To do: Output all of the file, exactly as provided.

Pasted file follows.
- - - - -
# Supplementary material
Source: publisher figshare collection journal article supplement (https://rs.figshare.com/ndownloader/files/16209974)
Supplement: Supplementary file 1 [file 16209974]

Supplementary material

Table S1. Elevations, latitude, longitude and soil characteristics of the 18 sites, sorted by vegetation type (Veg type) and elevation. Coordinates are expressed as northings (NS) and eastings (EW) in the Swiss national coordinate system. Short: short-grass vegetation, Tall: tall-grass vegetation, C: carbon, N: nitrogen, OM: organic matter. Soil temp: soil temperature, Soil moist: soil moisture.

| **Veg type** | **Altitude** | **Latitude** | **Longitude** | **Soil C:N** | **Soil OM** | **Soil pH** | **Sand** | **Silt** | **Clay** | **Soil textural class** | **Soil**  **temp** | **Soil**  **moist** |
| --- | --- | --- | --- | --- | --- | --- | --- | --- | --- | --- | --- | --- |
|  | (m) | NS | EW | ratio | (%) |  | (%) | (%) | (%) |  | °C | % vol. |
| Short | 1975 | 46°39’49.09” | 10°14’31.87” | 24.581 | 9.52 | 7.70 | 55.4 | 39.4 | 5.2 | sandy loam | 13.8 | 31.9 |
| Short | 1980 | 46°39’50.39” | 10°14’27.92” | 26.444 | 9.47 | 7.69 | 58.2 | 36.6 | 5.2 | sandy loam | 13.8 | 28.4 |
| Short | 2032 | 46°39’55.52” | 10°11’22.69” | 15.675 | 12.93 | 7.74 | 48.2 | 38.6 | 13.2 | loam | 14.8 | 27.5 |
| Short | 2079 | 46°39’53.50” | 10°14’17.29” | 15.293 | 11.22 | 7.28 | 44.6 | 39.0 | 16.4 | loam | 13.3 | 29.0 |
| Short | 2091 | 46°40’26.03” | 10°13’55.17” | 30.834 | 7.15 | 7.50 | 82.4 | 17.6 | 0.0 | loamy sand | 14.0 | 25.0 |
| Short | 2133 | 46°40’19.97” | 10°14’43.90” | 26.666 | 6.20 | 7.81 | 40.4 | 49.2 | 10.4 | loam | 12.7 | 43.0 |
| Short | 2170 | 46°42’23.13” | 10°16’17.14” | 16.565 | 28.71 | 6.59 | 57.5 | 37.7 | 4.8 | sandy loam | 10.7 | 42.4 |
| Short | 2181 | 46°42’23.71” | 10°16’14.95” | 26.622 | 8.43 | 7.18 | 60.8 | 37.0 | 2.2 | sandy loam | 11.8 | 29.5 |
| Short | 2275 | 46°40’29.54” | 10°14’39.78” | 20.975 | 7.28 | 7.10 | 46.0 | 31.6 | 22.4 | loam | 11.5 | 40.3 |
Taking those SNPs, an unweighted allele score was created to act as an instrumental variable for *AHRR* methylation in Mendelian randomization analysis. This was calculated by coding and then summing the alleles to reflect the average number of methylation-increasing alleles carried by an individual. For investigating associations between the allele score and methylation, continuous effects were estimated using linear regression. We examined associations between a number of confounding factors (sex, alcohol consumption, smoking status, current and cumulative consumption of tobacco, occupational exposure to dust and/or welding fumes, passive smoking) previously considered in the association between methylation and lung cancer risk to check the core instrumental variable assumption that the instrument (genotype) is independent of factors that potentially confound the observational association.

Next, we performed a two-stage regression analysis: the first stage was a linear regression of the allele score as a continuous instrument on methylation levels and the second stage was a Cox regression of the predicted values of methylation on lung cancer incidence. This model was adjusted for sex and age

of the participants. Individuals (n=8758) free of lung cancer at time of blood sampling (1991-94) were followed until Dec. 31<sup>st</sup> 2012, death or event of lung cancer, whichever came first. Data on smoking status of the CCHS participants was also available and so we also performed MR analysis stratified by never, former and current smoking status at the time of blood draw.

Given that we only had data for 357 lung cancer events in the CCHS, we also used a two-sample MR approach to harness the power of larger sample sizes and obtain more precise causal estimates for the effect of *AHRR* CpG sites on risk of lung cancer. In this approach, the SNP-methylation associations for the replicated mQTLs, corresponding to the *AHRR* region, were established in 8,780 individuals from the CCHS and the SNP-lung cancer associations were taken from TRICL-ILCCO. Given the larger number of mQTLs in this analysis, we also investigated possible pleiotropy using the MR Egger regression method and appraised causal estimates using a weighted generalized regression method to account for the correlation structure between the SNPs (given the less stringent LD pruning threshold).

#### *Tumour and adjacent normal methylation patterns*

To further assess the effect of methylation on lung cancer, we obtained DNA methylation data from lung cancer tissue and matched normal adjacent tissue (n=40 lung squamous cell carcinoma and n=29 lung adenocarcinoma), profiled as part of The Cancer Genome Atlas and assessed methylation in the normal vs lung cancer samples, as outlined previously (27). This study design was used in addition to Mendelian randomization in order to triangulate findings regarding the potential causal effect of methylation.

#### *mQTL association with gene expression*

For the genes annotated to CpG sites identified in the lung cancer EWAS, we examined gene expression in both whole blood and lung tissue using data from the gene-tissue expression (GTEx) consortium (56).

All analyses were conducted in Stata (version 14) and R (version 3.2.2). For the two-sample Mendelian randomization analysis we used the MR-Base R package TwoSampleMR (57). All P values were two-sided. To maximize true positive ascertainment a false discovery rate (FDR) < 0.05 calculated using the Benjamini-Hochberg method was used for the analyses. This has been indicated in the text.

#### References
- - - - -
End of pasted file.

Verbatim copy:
# Supplementary material
Source: publisher figshare collection journal article supplement (https://rs.figshare.com/ndownloader/files/16209974)
Supplement: Supplementary file 1 [file 16209974]

Supplementary material

Table S1. Elevations, latitude, longitude and soil characteristics of the 18 sites, sorted by vegetation type (Veg type) and elevation. Coordinates are expressed as northings (NS) and eastings (EW) in the Swiss national coordinate system. Short: short-grass vegetation, Tall: tall-grass vegetation, C: carbon, N: nitrogen, OM: organic matter. Soil temp: soil temperature, Soil moist: soil moisture.

| **Veg type** | **Altitude** | **Latitude** | **Longitude** | **Soil C:N** | **Soil OM** | **Soil pH** | **Sand** | **Silt** | **Clay** | **Soil textural class** | **Soil**  **temp** | **Soil**  **moist** |
| --- | --- | --- | --- | --- | --- | --- | --- | --- | --- | --- | --- | --- |
|  | (m) | NS | EW | ratio | (%) |  | (%) | (%) | (%) |  | °C | % vol. |
| Short | 1975 | 46°39’49.09” | 10°14’31.87” | 24.581 | 9.52 | 7.70 | 55.4 | 39.4 | 5.2 | sandy loam | 13.8 | 31.9 |
| Short | 1980 | 46°39’50.39” | 10°14’27.92” | 26.444 | 9.47 | 7.69 | 58.2 | 36.6 | 5.2 | sandy loam | 13.8 | 28.4 |
| Short | 2032 | 46°39’55.52” | 10°11’22.69” | 15.675 | 12.93 | 7.74 | 48.2 | 38.6 | 13.2 | loam | 14.8 | 27.5 |
| Short | 2079 | 46°39’53.50” | 10°14’17.29” | 15.293 | 11.22 | 7.28 | 44.6 | 39.0 | 16.4 | loam | 13.3 | 29.0 |
| Short | 2091 | 46°40’26.03” | 10°13’55.17” | 30.834 | 7.15 | 7.50 | 82.4 | 17.6 | 0.0 | loamy sand | 14.0 | 25.0 |
| Short | 2133 | 46°40’19.97” | 10°14’43.90” | 26.666 | 6.20 | 7.81 | 40.4 | 49.2 | 10.4 | loam | 12.7 | 43.0 |
| Short | 2170 | 46°42’23.13” | 10°16’17.14” | 16.565 | 28.71 | 6.59 | 57.5 | 37.7 | 4.8 | sandy loam | 10.7 | 42.4 |
| Short | 2181 | 46°42’23.71” | 10°16’14.95” | 26.622 | 8.43 | 7.18 | 60.8 | 37.0 | 2.2 | sandy loam | 11.8 | 29.5 |
| Short | 2275 | 46°40’29.54” | 10°14’39.78” | 20.975 | 7.28 | 7.10 | 46.0 | 31.6 | 22.4 | loam | 11.5 | 40.3 |
Taking those SNPs, an unweighted allele score was created to act as an instrumental variable for *AHRR* methylation in Mendelian randomization analysis. This was calculated by coding and then summing the alleles to reflect the average number of methylation-increasing alleles carried by an individual. For investigating associations between the allele score and methylation, continuous effects were estimated using linear regression. We examined associations between a number of confounding factors (sex, alcohol consumption, smoking status, current and cumulative consumption of tobacco, occupational exposure to dust and/or welding fumes, passive smoking) previously considered in the association between methylation and lung cancer risk to check the core instrumental variable assumption that the instrument (genotype) is independent of factors that potentially confound the observational association.

Next, we performed a two-stage regression analysis: the first stage was a linear regression of the allele score as a continuous instrument on methylation levels and the second stage was a Cox regression of the predicted values of methylation on lung cancer incidence. This model was adjusted for sex and age

of the participants. Individuals (n=8758) free of lung cancer at time of blood sampling (1991-94) were followed until Dec. 31<sup>st</sup> 2012, death or event of lung cancer, whichever came first. Data on smoking status of the CCHS participants was also available and so we also performed MR analysis stratified by never, former and current smoking status at the time of blood draw.

Given that we only had data for 357 lung cancer events in the CCHS, we also used a two-sample MR approach to harness the power of larger sample sizes and obtain more precise causal estimates for the effect of *AHRR* CpG sites on risk of lung cancer. In this approach, the SNP-methylation associations for the replicated mQTLs, corresponding to the *AHRR* region, were established in 8,780 individuals from the CCHS and the SNP-lung cancer associations were taken from TRICL-ILCCO. Given the larger number of mQTLs in this analysis, we also investigated possible pleiotropy using the MR Egger regression method and appraised causal estimates using a weighted generalized regression method to account for the correlation structure between the SNPs (given the less stringent LD pruning threshold).

#### *Tumour and adjacent normal methylation patterns*

To further assess the effect of methylation on lung cancer, we obtained DNA methylation data from lung cancer tissue and matched normal adjacent tissue (n=40 lung squamous cell carcinoma and n=29 lung adenocarcinoma), profiled as part of The Cancer Genome Atlas and assessed methylation in the normal vs lung cancer samples, as outlined previously (27). This study design was used in addition to Mendelian randomization in order to triangulate findings regarding the potential causal effect of methylation.

#### *mQTL association with gene expression*

For the genes annotated to CpG sites identified in the lung cancer EWAS, we examined gene expression in both whole blood and lung tissue using data from the gene-tissue expression (GTEx) consortium (56).

All analyses were conducted in Stata (version 14) and R (version 3.2.2). For the two-sample Mendelian randomization analysis we used the MR-Base R package TwoSampleMR (57). All P values were two-sided. To maximize true positive ascertainment a false discovery rate (FDR) < 0.05 calculated using the Benjamini-Hochberg method was used for the analyses. This has been indicated in the text.

#### References